first_imgThe components – some of which weighed up to 60 tonnes each, with with widths of 5.85 m and lengths of up to 24 m – were transported from the Brescia region of Italy to a steel plant in Žlobin, covering a distance of 2,100 km. Jürgen Weyhausen, director of projects at AGL, explained that extendable trailers and six-axle lowbeds were used to transport the over-dimensional cargo, while 12 conventional tilt trucks were employed for the delivery of the remaining general cargo.In addition to the trucking, AGL conducted an extensive road survey, as well as obtaining permits and Customs documentation.Alexander Global Logistics is a member of the Project Cargo Network (PCN) representing Germany, Russia and Mongolia.  www.alexander-logistics.comwww.projectcargonetwork.comlast_img read more

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Expertise and experience are vital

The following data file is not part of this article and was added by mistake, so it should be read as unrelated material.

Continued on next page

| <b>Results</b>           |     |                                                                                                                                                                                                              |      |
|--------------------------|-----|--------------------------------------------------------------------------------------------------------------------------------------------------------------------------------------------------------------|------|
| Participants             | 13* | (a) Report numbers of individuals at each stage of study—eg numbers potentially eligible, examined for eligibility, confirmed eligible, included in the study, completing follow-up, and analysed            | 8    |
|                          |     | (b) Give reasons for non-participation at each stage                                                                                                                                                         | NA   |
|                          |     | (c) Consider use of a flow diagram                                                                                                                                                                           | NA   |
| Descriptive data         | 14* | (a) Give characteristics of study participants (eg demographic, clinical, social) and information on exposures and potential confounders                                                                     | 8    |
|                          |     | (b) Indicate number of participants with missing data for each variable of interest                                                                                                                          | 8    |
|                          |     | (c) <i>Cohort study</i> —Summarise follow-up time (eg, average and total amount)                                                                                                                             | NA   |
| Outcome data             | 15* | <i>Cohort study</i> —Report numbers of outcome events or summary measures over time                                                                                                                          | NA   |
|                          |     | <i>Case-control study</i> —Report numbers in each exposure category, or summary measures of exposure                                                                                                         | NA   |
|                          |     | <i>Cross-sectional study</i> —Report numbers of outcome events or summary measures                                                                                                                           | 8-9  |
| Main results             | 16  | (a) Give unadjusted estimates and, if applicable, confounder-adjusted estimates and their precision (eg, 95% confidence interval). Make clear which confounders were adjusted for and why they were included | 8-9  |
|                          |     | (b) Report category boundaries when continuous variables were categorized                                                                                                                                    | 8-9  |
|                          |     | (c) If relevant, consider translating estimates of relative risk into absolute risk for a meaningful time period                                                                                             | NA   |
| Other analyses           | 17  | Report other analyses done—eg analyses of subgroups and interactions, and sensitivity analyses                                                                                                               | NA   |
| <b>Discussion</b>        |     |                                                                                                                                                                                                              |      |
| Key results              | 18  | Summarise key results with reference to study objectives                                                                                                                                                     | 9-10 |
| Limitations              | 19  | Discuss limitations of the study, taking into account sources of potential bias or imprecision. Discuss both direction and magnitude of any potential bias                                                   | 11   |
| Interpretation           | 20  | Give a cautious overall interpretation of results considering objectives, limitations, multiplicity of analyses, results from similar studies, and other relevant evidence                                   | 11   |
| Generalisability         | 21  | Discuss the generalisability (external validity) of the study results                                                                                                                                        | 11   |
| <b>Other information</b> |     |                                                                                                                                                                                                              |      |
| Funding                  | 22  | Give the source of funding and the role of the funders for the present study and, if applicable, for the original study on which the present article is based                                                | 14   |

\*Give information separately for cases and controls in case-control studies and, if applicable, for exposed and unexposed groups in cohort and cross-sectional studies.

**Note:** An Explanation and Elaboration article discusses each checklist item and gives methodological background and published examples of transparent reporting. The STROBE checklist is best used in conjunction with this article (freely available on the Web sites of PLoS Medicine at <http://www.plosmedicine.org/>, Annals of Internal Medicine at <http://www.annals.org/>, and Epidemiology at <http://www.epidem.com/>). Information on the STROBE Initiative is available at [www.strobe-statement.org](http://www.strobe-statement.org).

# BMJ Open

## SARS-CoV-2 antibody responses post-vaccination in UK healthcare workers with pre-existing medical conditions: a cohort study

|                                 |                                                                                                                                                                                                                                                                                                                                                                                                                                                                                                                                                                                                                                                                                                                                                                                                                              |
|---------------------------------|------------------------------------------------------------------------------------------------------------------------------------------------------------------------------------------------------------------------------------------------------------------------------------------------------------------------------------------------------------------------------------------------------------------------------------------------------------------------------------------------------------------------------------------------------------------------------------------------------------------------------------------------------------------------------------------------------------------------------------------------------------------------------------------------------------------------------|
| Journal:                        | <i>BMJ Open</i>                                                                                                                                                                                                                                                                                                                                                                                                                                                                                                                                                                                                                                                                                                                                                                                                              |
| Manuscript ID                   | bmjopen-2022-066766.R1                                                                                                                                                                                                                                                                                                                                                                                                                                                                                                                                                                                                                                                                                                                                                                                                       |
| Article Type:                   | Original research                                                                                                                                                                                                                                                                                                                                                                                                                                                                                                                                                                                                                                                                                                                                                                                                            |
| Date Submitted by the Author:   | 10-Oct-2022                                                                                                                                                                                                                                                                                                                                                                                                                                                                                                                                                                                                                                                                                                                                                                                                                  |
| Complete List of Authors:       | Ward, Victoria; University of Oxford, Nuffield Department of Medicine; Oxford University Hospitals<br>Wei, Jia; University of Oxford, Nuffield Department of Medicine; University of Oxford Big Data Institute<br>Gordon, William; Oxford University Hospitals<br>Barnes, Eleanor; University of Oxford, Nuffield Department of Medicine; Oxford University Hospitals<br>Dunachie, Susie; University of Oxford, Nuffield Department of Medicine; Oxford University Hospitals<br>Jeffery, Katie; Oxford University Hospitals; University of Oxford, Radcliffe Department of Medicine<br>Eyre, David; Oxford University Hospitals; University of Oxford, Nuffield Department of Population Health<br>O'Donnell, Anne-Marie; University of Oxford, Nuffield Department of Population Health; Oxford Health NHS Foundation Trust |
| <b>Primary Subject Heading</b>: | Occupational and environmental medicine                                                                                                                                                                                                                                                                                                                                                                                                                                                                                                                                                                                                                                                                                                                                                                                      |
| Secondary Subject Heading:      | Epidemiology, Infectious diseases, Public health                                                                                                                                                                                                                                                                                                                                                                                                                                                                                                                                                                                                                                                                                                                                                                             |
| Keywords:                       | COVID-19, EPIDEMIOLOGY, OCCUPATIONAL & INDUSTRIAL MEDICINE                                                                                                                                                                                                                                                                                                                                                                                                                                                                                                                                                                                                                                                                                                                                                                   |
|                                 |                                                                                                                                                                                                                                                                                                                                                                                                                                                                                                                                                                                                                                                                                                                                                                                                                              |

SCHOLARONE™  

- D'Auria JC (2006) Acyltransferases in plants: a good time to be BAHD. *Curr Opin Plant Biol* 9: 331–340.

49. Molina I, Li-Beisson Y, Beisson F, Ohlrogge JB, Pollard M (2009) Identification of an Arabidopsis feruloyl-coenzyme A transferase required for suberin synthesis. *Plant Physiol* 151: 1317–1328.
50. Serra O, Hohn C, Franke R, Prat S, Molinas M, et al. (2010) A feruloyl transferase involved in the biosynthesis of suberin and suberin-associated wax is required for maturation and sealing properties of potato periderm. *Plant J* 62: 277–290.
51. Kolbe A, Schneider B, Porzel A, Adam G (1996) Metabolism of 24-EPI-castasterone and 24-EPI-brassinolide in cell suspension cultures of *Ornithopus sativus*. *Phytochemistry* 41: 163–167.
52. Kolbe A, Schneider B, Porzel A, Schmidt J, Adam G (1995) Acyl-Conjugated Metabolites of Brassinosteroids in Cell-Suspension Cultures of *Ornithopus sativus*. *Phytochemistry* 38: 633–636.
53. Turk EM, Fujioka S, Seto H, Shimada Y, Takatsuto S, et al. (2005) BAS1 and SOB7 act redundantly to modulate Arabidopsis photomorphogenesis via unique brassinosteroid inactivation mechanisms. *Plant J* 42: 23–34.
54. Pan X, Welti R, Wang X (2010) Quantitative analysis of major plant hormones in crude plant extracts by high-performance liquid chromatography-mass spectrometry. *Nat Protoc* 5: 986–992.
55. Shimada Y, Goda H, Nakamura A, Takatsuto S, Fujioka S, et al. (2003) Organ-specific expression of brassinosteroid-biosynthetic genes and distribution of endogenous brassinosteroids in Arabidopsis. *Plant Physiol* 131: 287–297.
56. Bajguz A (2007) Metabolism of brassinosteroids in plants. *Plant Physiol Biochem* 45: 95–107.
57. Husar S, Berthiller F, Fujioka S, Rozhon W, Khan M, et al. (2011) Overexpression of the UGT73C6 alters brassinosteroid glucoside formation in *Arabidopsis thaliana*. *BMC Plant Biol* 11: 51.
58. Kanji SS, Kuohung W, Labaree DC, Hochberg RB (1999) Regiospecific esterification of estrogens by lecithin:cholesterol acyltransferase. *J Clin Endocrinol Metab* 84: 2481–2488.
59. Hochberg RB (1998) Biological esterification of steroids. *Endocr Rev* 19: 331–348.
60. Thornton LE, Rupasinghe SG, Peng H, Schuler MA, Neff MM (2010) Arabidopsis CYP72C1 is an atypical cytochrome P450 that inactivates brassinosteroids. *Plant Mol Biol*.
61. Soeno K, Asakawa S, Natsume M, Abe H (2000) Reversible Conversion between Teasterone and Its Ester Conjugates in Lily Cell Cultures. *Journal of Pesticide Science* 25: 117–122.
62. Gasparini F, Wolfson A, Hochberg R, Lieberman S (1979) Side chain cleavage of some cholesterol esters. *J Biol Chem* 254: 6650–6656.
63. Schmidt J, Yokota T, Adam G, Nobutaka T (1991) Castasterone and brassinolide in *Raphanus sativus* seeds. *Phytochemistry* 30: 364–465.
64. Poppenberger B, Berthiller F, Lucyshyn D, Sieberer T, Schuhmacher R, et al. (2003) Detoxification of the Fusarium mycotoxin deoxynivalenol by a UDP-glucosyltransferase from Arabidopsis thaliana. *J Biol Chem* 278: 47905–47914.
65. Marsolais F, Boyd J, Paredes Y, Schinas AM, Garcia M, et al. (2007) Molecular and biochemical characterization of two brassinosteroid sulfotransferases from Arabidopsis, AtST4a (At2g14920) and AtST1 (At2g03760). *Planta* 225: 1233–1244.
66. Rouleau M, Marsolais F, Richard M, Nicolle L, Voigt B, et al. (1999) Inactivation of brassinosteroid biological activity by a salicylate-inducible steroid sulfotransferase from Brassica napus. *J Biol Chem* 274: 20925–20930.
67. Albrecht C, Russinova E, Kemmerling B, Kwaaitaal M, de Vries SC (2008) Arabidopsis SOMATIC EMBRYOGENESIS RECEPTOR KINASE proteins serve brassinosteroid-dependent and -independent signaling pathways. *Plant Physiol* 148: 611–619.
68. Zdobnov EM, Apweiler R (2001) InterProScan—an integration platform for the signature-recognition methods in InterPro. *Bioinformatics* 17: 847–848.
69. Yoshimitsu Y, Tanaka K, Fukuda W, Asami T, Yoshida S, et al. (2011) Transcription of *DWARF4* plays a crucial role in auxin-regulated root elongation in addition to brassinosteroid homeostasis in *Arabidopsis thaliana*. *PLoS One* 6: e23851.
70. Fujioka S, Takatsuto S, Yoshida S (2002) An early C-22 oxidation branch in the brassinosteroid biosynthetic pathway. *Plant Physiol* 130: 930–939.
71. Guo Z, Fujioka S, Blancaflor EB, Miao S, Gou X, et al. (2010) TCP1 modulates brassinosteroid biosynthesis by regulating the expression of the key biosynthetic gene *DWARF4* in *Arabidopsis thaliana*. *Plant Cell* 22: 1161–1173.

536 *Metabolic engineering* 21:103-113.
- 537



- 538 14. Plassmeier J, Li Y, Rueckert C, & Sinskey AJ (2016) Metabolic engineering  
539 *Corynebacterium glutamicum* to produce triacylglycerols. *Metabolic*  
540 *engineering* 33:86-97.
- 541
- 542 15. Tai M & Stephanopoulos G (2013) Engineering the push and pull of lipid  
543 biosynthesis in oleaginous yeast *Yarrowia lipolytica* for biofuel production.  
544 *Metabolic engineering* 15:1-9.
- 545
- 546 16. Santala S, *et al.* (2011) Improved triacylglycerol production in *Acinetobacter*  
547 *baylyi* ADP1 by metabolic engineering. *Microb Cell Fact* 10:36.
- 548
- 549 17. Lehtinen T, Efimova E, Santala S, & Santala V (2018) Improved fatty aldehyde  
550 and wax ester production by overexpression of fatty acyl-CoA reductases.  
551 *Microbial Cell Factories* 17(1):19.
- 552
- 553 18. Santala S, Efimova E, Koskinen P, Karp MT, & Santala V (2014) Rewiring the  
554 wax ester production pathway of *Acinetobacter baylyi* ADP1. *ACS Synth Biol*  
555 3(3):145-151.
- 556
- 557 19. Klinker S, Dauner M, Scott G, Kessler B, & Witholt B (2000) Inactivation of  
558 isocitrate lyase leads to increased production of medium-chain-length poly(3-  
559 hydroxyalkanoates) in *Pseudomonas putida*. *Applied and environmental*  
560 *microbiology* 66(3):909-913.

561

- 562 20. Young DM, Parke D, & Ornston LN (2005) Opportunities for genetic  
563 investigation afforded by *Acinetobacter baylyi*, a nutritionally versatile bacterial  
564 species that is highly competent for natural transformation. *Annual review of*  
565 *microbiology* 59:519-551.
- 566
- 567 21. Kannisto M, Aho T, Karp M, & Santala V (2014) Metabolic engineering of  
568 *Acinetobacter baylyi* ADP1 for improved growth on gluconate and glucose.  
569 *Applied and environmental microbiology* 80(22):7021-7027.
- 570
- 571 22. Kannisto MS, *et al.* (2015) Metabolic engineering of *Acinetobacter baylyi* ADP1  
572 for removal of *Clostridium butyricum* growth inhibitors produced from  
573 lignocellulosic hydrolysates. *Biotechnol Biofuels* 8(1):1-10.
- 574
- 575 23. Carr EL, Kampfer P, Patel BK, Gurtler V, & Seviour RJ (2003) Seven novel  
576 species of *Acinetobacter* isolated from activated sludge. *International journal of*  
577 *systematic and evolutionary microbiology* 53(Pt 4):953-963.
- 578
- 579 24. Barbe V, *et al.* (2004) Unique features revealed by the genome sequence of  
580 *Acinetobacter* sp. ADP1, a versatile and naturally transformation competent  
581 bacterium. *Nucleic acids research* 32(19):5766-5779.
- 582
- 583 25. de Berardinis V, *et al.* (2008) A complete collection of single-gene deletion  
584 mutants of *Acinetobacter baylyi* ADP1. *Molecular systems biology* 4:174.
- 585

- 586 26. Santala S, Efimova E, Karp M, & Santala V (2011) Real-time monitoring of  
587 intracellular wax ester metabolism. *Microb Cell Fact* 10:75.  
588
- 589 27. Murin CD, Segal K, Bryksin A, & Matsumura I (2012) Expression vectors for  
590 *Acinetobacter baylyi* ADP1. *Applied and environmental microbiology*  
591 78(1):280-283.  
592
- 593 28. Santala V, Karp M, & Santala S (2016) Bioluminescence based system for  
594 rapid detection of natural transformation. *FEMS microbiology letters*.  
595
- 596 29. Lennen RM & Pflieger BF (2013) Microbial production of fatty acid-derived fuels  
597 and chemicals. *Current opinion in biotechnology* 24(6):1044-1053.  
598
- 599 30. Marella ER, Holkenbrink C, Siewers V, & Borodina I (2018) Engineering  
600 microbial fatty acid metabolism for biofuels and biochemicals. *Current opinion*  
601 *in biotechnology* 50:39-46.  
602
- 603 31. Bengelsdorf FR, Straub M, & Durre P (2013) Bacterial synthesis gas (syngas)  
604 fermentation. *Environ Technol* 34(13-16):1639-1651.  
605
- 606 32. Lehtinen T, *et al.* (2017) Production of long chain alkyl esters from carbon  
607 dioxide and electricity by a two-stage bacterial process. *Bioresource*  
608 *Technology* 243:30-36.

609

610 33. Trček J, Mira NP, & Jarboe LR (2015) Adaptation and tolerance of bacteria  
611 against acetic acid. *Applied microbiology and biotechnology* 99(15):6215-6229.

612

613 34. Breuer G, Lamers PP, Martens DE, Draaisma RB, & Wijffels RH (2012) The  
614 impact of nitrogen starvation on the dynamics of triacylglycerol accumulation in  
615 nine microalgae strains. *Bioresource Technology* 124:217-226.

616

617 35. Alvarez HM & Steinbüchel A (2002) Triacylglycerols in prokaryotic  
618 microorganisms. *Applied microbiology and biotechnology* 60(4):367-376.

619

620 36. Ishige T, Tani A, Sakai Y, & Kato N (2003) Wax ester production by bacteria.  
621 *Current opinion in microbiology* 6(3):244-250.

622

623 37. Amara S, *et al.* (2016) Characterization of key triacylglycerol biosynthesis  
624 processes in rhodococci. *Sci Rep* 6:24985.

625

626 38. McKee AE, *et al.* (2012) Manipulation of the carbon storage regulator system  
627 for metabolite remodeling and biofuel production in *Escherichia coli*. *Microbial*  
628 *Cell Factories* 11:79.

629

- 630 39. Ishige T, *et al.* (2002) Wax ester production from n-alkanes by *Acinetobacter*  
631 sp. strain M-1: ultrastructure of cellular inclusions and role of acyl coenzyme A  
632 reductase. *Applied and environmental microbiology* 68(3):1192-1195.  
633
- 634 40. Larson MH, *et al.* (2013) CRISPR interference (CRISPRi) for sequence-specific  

first_imgYET ANOTHER public inquiry, this time into automatic train protection (but still with m’learned friends present in strength), opened in London on September 18. Chaired jointly by Lord Cullen and Professor Uff, who respectively held inquiries into the Ladbroke Grove (1999) and Southall (1997) collisions, it provides the third opportunity within a year for the safety of Britain’s privatised railways to be dissected under the microscope. A fourth is in prospect when Lord Cullen alone hears evidence on the broader question of how to manage safety in an industry that has been privatised and fragmented – as is happening in numerous countries after 160 years of unified control.Whatever framework is chosen, a key element of this reform process is an injection of managers with minimal understanding of why train brakes, for example, operate in a particular way. Yet at the same time, there is a powerful current of public opinion driving personal responsibility for accidents upwards from front line employees to professional engineers, managers and even directors. It is primarily with such people in mind that Ian Macfarlane has written what is beyond question the most comprehensive analysis of rail safety fundamentals ever attempted. It taps a rich vein of personal experience that spanned the globe, and covered manufacture as well as operation. And unlike the tonnes of paper generated by formal safety procedures, it is eminently readable, not to say colourful. There can be few in the industry who would not benefit from the insights it contains. The first volume, published by the Institution of Engineers Australia, covers braking. Having read in manuscript other sections of this remarkable account of how railways became safe – and how often that record has been compromised through ignorance – we can report that there is more, perhaps even better, to come. Railway Safety: Brakes is available from EA Books for A$63·50, on-line at www.engaust.com.au or by fax from +61 2 9438 5934. nlast_img read more